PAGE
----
Nontuberculosis Mycobacterium Contamination of a Mammalian Cell Bioreactor Process - The authors present a case study identifying a contaminant. - BioPharm International

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Nontuberculosis Mycobacterium Contamination of a Mammalian Cell Bioreactor Process
The authors present a case study identifying a contaminant.


BioPharm International
Volume 24, Issue 6, pp. 30-34

Conditioned medium samples harvested from the MRC–5 cultures displaying deterioration were filtered (0.45 μm pore size), and the filtrate inoculated onto fresh cultures of MRC–5 cells. When the secondary MRC–5 cultures were observed for 14 days, the authors did not see a reappearance of the floating clumps or the progressive cell deterioration. This procedure was repeated, with similar results being obtained. In contrast, passage of the same conditioned medium samples (albeit without filtration) onto fresh MRC-5 cultures resulted in the reappearance of the floating clumps and progressive cell deterioration within a few days.


Figure 1: Transmission electron micrograph of an MRC–5 cell from an infected culture, showing intracellular organisms (B), 36700 x magnification. (ALL FIGURES ARE COURTESY OF THE AUTHORS)
The filtration results described above indicated a microbial, not a viral, origin for the effects noted. The authors subsequently verified this idea through transmission electron microscopic examination of the affected MRC–5 cells, which revealed organisms both within (see Figure 1) and outside of the cells (see Figure 2). These organisms were rod-shaped, with diameters ranging from 0.34 to 0.39 μm and overall lengths of up to 1.1 μm. The organisms were not apparent on visual observation of the MRC–5 cell monolayers, using light microscopy. They were, however, readily observed when the focal plane was raised to that of the medium–air interface. At this level, which is not typically viewed when scoring cell cultures for cytopathic effect, the authors could easily visualize both the floating clumps noted at the monolayer and mats of dark, branching organisms (see Figure 3).


Figure 2: Transmission electron micrograph of an MRC–5 cell from an infected culture, showing extracellular organisms (B), 23600 x magnification.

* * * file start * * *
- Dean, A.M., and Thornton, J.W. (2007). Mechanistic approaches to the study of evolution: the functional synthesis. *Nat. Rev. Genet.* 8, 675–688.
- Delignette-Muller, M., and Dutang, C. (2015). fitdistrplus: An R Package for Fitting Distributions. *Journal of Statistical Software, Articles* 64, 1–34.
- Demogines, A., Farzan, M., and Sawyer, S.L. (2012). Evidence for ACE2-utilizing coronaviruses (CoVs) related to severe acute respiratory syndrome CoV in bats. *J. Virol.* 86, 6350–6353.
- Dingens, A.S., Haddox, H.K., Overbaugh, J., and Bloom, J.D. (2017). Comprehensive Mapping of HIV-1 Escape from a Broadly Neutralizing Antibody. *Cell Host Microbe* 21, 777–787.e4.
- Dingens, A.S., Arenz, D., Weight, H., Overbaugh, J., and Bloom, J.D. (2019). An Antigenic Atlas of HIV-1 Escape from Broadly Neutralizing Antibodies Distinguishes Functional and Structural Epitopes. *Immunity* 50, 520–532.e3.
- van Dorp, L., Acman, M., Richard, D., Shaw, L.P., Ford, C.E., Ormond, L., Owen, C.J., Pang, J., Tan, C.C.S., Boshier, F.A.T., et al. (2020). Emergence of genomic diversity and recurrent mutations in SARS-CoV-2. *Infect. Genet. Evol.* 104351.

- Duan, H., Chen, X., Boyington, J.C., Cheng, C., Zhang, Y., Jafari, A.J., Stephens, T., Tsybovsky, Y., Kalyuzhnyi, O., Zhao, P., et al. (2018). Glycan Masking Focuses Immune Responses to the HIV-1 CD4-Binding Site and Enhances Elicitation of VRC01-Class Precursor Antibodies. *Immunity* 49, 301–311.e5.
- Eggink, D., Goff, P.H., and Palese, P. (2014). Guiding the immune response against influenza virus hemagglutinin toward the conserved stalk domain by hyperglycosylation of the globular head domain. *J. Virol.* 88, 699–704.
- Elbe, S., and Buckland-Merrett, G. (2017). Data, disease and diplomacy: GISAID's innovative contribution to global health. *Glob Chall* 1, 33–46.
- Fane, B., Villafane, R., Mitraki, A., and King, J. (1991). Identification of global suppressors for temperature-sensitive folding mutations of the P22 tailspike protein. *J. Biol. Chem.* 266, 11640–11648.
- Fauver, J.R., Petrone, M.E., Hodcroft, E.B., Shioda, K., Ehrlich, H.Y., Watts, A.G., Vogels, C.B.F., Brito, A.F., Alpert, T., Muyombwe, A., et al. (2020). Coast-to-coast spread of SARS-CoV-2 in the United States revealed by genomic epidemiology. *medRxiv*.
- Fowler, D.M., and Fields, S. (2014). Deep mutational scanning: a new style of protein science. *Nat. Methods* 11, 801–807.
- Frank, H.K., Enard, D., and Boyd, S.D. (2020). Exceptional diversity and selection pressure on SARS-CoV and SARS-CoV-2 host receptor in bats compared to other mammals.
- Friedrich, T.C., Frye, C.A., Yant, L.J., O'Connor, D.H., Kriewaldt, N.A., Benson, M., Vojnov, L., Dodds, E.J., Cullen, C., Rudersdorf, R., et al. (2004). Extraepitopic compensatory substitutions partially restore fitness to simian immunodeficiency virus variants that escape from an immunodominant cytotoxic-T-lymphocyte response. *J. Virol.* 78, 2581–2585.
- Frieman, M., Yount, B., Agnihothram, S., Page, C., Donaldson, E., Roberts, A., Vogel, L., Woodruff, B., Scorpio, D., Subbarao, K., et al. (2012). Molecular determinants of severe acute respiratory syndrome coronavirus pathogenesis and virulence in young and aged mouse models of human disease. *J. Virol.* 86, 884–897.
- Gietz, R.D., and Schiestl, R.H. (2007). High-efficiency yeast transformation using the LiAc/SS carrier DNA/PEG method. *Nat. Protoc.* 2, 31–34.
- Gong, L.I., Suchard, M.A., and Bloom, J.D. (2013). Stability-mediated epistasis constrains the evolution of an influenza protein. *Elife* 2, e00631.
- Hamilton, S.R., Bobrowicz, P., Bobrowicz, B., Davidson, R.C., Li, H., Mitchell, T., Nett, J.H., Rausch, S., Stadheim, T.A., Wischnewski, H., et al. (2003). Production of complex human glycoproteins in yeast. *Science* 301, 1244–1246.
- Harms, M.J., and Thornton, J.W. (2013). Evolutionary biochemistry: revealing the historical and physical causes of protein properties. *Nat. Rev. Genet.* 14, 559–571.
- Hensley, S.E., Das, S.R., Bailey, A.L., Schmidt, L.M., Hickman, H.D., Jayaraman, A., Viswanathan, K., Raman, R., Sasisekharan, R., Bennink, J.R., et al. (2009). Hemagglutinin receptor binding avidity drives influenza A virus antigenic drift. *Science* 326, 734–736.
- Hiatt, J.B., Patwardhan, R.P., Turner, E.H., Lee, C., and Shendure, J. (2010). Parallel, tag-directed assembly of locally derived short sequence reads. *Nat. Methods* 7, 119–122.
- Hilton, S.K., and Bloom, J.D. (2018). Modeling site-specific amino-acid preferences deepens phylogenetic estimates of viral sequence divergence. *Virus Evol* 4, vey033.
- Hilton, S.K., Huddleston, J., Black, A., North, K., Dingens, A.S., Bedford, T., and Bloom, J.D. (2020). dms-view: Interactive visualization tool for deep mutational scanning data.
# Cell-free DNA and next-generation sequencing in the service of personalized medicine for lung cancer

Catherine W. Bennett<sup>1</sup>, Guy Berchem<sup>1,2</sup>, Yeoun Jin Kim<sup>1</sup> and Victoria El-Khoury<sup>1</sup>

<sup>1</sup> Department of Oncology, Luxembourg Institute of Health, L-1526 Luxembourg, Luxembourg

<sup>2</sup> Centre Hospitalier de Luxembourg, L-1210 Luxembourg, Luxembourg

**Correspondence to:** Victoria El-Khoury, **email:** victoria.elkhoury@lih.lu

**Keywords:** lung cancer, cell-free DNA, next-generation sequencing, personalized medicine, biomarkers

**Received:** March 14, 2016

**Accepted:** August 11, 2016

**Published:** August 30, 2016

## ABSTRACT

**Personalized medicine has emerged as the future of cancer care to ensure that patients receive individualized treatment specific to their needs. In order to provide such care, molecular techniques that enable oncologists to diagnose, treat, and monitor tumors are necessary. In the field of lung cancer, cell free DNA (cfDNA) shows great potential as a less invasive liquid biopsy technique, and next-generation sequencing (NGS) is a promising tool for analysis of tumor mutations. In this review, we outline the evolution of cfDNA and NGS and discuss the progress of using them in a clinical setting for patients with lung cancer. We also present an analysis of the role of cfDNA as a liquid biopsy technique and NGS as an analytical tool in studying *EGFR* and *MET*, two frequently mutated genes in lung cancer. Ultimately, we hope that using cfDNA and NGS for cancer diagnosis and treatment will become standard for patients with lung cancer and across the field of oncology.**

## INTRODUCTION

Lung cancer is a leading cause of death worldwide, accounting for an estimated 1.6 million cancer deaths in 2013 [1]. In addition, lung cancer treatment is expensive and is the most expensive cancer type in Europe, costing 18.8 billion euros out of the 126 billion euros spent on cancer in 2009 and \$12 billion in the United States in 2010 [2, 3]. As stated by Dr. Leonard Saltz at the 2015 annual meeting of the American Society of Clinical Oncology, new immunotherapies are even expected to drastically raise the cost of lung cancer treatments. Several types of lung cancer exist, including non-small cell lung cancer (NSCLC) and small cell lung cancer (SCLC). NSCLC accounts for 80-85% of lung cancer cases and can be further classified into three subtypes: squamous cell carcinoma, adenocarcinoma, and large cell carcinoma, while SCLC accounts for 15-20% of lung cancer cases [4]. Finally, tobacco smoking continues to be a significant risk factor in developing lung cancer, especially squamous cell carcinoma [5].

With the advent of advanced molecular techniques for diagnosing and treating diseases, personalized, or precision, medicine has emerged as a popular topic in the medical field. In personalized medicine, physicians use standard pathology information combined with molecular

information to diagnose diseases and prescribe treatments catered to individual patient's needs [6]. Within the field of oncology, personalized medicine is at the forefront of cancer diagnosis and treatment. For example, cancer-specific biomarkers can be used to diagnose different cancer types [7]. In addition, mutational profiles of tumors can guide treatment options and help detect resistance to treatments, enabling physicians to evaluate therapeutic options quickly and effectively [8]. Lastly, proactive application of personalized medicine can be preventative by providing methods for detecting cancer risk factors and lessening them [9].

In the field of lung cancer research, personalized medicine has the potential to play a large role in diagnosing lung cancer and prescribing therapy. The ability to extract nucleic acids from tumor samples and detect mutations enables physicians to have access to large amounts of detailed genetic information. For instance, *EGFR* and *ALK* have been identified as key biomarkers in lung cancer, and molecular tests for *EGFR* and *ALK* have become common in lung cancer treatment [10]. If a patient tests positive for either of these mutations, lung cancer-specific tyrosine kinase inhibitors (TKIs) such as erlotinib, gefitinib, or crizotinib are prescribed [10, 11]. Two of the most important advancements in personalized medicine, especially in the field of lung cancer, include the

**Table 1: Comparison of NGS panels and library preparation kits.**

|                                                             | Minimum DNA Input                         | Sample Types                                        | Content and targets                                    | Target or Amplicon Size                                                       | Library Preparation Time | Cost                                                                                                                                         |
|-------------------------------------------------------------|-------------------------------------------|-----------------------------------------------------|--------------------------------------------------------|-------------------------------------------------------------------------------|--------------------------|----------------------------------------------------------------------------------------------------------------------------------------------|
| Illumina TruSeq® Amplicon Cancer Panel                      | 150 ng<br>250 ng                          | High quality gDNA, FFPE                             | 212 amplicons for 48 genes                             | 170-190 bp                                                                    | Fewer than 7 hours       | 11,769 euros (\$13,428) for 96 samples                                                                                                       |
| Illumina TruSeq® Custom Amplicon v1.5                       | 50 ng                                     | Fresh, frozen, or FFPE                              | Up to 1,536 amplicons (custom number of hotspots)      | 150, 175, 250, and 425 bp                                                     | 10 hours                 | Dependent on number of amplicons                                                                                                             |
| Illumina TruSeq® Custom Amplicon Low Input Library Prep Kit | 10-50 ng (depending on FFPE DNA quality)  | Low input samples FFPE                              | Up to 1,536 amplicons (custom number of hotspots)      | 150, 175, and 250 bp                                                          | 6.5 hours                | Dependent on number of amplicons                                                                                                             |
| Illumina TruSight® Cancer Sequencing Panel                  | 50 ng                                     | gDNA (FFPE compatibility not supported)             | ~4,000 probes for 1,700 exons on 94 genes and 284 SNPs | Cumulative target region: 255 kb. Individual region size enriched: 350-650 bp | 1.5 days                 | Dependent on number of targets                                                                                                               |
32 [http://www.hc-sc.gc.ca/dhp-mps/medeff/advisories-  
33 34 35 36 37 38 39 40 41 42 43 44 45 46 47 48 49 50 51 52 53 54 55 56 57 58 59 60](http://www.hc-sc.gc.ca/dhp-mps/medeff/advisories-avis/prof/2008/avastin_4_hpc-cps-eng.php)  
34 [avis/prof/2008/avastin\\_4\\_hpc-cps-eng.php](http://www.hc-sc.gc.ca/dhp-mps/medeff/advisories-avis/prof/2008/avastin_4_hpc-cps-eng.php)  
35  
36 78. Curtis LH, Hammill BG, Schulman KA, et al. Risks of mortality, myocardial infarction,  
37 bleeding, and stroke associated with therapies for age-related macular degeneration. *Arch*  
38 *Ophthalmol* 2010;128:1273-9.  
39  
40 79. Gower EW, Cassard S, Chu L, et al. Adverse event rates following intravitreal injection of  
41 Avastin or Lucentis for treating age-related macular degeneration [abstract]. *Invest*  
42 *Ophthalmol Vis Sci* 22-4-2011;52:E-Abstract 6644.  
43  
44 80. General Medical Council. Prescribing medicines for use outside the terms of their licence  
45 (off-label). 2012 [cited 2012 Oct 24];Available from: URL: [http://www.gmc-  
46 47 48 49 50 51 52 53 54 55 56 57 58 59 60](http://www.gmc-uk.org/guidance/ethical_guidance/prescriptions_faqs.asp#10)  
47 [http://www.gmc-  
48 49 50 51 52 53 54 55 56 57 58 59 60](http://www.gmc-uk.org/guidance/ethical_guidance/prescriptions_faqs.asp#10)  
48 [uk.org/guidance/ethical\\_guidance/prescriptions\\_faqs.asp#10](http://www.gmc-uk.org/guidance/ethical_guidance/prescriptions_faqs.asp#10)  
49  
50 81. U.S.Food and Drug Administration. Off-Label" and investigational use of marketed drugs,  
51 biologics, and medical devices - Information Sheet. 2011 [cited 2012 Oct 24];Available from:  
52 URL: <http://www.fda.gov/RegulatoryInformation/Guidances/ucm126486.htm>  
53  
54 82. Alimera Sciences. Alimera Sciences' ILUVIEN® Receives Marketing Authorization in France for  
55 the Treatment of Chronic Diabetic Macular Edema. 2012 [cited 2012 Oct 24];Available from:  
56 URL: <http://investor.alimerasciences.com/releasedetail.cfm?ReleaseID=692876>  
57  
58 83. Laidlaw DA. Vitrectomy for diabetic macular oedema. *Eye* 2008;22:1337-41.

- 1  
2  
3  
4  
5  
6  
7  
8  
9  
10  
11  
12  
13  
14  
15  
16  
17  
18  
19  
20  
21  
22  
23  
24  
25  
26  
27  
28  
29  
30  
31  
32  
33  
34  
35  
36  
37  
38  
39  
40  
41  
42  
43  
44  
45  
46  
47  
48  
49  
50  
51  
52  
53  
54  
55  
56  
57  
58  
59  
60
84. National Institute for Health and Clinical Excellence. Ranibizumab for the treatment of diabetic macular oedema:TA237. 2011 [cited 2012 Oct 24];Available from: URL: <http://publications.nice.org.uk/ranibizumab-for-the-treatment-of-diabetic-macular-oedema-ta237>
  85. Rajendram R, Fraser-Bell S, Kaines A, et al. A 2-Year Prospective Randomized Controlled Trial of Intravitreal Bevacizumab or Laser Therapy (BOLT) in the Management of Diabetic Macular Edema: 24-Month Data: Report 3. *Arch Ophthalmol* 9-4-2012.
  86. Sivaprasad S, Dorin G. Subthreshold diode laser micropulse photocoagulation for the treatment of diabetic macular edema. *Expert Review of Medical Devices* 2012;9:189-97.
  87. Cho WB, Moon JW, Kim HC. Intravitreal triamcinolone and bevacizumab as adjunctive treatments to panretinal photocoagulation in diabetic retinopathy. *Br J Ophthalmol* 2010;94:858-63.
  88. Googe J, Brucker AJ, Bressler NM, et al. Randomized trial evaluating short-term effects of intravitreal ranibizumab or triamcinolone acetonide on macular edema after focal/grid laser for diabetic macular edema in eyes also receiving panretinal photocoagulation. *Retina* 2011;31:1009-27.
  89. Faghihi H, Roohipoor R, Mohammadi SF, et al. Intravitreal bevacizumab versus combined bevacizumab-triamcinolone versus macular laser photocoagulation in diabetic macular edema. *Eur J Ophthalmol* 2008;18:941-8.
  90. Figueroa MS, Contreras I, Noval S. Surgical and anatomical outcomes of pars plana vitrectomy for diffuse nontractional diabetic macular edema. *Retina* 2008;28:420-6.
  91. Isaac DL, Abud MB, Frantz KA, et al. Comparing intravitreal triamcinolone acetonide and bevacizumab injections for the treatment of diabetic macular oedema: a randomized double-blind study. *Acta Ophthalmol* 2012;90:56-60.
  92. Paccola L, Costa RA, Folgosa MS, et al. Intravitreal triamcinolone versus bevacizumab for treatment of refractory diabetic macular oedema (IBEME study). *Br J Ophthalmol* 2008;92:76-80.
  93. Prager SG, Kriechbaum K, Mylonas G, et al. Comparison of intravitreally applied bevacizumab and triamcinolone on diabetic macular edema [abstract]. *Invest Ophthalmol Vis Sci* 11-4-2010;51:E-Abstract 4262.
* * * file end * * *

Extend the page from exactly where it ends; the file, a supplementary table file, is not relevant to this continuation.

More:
A Sabouraud dextrose agar (SAB) plate streaked with conditioned medium samples from the affected MRC–5 plates and incubated aerobically at 20–25 C led to white- to cream-colored colonies by day 7. The organism also was isolated using fluid thioglycollate medium incubated aerobically at 30–35 C. In the latter case, growth was observed by day 7 as particulates that were found in a band about two thirds of the distance to the top of the liquid, and in a band floating at the liquid/air interface. Isolation of the organisms on tryptic soy agar (TSA) plates resulted in white- to cream-colored colonies by day 7 after streaking of conditioned medium samples from the affected MRC–5 plates. These colonies were present both on TSA plates incubated aerobically at 20–25 C and in plates incubated at 30–35 C. Gram staining of the organisms revealed a weak, inconsistent positive reaction. The organisms gave a positive reaction, staining as dark red and pink rods, when evaluated using Kinyoun's acid-fast staining procedure. Colonies taken from the TSA plates were submitted to a subcontractor for identification. Using the 16s rRNA gene sequencing method, the isolate was found to be a member of the Mycobacterium fortuitum complex. Differentiation of members of this nontuberculosis complex (M. chelonae, M. abcessus, and M. immunogenum) can be problematic. An assignment of M. chelonae or M. abscessus was obtained, and definitive identification to the species level was not pursued.


Figure 3: Light micrograph of an infected MRC-5 culture, showing mats of organisms and floating clumps at the plane of the medium/air interface (50 x magnification).
The authors subsequently evaluated additional retained bioreactor harvest samples that had been collected at various intervals to establish whether the microbe was present in the bioreactor before termination of the run. The earliest bioreactor harvests did not cause MRC–5 cell deterioration, and organisms were not detected in the inoculated detector cell cultures. In contrast, all samples from a point approximately midway through the run onward elicited these effects. The latency of onset of the observed effects in the detector cell cultures correlated generally with bioreactor harvest day, such that the most rapid effects were observed in the samples harvested just before termination of the bioreactor run. Isolation of organisms from the affected studies led, in each case, to identification of the M. chelonae or M. abscessus.


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